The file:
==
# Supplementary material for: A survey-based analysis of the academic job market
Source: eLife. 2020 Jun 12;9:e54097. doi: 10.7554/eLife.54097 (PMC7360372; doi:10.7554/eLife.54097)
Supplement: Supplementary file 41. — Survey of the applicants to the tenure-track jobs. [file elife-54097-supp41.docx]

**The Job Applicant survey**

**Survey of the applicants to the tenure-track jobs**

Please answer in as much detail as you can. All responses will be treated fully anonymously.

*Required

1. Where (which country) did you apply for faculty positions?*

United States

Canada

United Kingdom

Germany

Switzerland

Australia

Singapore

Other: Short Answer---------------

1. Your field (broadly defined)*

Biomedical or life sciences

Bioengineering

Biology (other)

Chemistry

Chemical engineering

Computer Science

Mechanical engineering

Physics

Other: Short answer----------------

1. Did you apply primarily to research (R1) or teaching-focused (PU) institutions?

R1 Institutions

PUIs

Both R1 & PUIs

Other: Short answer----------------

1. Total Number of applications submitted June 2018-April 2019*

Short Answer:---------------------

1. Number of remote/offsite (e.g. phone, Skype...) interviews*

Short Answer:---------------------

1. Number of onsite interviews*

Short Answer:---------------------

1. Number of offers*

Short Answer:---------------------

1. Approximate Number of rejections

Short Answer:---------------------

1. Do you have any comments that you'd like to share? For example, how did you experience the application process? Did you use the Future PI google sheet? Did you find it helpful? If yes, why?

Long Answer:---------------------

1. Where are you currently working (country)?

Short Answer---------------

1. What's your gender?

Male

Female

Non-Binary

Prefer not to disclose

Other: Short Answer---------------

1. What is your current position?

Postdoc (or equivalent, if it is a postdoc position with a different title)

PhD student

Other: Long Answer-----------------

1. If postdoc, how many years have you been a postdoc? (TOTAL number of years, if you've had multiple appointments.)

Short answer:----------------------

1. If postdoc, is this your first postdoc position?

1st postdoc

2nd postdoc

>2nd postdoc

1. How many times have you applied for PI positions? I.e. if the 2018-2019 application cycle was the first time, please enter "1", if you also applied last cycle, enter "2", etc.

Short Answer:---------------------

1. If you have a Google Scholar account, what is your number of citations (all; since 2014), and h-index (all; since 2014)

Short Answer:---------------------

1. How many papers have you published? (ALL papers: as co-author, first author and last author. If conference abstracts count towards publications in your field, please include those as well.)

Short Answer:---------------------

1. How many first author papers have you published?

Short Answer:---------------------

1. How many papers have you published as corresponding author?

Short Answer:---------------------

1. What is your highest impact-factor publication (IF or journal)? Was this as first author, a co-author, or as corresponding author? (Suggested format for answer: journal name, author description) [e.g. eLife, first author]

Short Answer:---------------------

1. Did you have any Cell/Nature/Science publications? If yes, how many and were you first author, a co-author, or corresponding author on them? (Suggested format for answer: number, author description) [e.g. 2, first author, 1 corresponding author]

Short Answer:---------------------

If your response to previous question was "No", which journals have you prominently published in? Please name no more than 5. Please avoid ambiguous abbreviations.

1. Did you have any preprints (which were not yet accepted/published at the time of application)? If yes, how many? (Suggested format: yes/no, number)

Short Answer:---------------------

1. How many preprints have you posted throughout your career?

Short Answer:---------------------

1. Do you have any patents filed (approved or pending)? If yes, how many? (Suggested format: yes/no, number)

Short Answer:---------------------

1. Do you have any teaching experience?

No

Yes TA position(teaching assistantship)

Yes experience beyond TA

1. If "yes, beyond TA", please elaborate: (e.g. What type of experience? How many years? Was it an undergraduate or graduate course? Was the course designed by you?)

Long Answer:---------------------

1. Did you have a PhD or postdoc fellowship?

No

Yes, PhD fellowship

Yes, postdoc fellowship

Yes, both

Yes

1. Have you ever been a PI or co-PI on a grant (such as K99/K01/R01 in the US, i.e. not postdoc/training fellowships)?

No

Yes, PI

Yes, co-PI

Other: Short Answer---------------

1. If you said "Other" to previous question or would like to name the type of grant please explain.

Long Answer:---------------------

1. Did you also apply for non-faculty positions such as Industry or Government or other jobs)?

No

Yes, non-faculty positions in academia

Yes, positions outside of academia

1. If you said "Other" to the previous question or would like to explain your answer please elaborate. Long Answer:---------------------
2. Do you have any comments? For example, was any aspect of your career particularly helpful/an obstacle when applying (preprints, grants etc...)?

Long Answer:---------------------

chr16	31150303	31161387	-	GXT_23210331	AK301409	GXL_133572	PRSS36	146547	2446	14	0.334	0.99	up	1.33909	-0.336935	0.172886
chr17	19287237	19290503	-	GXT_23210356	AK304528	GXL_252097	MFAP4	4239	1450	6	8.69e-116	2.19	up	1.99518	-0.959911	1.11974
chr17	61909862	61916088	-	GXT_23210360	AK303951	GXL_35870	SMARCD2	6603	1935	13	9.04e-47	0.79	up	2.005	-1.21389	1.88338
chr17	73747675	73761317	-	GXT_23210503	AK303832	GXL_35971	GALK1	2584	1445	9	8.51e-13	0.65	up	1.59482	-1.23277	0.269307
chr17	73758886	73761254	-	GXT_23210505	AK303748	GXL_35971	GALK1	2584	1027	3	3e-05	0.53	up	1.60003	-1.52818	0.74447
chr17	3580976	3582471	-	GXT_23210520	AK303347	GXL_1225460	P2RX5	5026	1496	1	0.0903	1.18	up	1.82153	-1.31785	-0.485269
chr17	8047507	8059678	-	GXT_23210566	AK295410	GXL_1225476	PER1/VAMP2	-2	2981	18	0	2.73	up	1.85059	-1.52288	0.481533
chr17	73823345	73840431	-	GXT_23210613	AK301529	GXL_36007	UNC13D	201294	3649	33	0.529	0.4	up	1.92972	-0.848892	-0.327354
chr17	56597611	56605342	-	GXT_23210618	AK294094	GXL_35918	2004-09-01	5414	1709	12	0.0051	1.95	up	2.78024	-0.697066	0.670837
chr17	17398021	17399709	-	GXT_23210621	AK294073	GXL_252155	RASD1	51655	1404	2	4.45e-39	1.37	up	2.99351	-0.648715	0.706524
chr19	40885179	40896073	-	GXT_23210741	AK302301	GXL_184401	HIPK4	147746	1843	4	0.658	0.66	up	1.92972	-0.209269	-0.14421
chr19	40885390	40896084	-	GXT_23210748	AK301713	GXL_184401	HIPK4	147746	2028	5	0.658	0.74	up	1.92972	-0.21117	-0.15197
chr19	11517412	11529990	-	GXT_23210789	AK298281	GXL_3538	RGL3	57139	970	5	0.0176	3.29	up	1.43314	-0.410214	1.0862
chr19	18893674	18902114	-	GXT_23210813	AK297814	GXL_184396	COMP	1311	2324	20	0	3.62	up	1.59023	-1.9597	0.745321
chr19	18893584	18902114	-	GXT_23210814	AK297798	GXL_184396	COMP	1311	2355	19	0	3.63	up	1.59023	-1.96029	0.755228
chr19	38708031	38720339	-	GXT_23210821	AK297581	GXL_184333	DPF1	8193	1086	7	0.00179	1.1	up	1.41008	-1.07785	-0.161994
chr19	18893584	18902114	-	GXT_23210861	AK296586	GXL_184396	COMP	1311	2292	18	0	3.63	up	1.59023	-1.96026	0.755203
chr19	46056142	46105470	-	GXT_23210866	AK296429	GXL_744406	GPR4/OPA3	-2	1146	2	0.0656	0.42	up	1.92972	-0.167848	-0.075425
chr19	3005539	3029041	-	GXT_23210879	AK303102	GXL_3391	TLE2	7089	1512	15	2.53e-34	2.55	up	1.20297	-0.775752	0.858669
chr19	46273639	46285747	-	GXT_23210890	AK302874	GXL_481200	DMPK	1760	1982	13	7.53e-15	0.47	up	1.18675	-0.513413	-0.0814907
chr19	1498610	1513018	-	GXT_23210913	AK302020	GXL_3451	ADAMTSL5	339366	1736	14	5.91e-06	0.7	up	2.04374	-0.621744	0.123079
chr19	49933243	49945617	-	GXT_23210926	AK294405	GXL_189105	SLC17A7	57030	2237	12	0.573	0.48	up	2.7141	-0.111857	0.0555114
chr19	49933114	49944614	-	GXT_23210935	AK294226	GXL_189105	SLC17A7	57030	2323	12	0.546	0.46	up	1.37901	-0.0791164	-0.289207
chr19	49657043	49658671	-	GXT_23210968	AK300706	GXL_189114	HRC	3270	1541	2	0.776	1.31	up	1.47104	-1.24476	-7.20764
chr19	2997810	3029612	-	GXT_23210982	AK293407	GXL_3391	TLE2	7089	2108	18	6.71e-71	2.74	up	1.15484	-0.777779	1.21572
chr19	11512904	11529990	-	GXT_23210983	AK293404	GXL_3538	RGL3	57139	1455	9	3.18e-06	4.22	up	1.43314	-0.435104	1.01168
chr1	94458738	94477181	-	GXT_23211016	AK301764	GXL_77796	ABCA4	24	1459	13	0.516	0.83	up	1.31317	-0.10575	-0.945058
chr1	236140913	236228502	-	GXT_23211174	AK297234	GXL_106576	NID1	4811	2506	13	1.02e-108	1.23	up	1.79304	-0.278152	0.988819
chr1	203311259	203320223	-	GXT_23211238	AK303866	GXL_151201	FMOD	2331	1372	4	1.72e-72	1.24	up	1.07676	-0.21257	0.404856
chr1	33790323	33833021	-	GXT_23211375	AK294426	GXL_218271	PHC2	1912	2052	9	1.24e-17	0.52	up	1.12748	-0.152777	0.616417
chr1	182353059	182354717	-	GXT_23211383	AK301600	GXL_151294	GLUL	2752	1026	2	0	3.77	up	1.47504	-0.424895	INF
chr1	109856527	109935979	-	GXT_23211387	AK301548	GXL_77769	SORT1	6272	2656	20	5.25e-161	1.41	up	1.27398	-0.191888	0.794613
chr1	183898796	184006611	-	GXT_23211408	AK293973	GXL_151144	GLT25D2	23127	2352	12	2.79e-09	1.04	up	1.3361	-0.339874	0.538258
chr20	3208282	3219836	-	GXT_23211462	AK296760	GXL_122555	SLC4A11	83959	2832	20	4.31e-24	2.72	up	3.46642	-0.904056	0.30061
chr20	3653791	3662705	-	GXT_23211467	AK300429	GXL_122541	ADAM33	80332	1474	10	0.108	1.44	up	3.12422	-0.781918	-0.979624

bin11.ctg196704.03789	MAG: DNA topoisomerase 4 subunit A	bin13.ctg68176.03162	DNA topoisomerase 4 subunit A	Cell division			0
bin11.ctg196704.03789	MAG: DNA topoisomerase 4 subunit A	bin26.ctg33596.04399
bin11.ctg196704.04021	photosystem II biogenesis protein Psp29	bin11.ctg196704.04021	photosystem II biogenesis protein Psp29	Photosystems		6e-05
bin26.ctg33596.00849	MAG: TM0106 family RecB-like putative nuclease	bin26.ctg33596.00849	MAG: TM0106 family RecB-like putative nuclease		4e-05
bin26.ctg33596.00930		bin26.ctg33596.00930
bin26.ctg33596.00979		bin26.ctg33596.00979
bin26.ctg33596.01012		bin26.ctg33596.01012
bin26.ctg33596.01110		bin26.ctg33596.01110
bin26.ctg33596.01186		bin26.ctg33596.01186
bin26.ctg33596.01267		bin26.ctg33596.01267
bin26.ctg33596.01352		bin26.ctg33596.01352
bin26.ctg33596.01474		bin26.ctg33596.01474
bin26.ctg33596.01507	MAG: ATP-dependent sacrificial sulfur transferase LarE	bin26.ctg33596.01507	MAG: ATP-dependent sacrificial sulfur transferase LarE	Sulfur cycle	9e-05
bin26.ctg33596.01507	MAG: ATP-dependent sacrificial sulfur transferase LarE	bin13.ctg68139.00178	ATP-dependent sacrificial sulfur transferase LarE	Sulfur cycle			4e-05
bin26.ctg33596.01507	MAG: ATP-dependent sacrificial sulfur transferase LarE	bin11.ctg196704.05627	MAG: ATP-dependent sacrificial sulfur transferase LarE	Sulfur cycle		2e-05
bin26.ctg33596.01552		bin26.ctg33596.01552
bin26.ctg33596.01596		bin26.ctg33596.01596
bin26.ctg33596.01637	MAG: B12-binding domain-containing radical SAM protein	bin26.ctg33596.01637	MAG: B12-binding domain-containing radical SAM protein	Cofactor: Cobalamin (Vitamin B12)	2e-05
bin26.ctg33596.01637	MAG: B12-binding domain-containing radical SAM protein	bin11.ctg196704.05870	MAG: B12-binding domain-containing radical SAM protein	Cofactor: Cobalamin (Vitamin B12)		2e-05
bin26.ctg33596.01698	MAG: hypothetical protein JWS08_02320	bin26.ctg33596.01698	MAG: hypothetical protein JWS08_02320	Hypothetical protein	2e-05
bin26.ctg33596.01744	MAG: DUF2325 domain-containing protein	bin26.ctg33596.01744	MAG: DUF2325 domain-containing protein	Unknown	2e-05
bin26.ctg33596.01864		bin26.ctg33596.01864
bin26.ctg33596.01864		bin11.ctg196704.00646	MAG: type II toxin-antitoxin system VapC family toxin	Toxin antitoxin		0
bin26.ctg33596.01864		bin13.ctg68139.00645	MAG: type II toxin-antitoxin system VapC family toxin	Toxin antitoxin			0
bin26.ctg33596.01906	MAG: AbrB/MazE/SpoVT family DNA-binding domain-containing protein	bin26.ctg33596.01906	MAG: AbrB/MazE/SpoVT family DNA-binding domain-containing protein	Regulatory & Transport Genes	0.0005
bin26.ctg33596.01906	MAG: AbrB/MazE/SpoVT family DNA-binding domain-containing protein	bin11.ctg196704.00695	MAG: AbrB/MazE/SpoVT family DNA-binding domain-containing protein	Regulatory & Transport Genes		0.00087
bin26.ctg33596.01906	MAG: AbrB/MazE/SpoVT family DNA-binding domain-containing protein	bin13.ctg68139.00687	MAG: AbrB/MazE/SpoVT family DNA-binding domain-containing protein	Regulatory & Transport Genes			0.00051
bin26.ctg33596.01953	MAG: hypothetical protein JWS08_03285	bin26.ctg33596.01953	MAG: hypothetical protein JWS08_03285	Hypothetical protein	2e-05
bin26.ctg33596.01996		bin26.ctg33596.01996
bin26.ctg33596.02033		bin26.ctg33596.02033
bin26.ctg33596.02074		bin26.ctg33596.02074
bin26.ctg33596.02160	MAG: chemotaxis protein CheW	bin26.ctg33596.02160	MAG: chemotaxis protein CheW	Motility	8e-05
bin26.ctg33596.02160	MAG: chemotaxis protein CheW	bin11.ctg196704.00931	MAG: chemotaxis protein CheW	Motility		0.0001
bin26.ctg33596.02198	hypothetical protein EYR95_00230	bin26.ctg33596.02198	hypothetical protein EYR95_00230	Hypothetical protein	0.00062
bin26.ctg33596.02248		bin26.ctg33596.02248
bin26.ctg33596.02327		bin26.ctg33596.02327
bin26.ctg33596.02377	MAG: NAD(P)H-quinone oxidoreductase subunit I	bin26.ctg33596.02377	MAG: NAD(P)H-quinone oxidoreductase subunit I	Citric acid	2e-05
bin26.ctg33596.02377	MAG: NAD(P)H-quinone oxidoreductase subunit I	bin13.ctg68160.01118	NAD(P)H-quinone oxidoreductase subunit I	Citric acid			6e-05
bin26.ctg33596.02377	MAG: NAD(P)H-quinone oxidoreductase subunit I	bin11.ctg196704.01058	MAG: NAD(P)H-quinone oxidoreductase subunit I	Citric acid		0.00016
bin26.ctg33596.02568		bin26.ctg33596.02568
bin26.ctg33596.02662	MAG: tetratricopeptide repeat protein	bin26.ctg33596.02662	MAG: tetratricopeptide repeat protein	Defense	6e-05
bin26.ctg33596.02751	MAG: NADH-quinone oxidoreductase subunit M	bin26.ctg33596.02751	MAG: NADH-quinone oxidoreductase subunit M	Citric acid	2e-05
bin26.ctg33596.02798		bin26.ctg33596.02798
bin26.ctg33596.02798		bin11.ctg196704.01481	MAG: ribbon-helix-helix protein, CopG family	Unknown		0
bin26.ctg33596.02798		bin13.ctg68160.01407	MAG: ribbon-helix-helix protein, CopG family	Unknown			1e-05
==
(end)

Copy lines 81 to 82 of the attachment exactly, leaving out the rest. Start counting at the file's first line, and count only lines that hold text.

1. Do you have any patents filed (approved or pending)? If yes, how many? (Suggested format: yes/no, number)

Short Answer:---------------------